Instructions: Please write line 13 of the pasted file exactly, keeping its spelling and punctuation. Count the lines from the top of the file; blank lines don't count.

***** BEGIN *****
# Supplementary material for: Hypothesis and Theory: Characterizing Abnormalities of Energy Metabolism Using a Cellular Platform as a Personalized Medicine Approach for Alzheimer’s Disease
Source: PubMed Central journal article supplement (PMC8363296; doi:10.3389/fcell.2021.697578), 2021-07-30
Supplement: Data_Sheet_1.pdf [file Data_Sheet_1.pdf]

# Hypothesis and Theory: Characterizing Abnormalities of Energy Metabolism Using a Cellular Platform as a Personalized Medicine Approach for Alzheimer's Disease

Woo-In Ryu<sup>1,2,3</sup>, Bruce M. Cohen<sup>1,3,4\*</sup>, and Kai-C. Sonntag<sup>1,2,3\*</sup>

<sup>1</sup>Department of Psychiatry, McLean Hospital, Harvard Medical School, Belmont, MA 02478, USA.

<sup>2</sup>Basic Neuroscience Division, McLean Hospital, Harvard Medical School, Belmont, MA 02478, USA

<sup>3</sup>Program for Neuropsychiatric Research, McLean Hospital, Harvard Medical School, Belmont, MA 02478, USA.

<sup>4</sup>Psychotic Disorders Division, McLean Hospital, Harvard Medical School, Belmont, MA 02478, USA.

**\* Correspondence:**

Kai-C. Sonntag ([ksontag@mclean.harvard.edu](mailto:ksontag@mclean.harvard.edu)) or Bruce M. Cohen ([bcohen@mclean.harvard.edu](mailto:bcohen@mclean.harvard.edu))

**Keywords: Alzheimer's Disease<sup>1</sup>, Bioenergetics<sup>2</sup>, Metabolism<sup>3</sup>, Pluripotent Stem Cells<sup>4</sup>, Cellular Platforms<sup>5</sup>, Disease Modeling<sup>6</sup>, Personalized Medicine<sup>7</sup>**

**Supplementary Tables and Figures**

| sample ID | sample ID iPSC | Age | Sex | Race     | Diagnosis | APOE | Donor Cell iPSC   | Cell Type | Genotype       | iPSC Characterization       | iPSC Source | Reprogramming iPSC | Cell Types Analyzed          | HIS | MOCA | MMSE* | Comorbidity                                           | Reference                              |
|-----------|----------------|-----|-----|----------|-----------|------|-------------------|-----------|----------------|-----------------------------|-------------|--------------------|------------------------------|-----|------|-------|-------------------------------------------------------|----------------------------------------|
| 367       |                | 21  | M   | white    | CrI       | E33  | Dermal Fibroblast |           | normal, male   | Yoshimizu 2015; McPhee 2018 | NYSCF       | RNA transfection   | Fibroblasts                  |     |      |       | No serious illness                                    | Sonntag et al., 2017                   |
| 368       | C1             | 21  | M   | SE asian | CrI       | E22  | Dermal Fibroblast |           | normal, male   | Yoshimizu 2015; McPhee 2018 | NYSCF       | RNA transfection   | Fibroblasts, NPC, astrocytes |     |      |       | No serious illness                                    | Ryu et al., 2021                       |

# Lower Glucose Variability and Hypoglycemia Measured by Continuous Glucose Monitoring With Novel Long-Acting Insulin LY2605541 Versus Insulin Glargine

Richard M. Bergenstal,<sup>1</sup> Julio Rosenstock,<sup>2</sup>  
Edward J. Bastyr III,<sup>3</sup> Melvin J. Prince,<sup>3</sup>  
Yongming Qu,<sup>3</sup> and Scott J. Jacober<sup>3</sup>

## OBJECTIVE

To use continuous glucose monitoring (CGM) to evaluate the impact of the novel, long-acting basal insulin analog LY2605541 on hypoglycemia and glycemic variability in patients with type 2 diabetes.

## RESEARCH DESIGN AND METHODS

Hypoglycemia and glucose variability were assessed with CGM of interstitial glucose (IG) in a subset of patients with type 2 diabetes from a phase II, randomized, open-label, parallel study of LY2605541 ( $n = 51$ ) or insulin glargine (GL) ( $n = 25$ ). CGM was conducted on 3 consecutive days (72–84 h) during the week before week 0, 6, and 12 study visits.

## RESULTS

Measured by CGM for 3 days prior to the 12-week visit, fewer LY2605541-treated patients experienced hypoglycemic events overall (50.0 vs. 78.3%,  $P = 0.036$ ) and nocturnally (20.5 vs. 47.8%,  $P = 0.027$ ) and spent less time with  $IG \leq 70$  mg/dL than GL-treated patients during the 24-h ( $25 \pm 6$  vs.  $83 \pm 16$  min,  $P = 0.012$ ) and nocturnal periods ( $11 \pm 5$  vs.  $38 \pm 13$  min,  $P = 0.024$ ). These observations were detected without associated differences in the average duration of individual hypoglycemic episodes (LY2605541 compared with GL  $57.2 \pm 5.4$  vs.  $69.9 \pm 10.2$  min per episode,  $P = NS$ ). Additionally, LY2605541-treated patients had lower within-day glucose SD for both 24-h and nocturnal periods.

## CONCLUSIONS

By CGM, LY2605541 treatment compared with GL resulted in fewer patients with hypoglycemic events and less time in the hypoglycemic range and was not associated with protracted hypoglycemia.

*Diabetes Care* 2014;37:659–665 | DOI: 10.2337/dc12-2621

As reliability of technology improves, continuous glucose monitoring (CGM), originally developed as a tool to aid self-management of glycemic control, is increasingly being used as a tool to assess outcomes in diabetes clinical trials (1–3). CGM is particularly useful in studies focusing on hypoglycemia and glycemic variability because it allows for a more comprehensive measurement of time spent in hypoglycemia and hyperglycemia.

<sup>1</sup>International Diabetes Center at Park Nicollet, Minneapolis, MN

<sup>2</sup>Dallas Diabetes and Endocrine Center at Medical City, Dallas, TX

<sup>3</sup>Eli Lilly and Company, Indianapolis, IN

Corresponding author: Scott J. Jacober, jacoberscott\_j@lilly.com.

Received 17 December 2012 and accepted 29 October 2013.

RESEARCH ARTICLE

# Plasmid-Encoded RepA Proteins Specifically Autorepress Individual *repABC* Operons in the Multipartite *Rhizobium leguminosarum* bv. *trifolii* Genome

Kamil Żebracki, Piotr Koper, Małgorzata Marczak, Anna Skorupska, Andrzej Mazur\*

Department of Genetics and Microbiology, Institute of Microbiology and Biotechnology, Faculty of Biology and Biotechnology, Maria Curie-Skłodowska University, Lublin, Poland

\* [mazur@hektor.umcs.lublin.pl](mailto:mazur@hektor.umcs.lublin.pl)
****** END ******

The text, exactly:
**Supplementary Tables and Figures**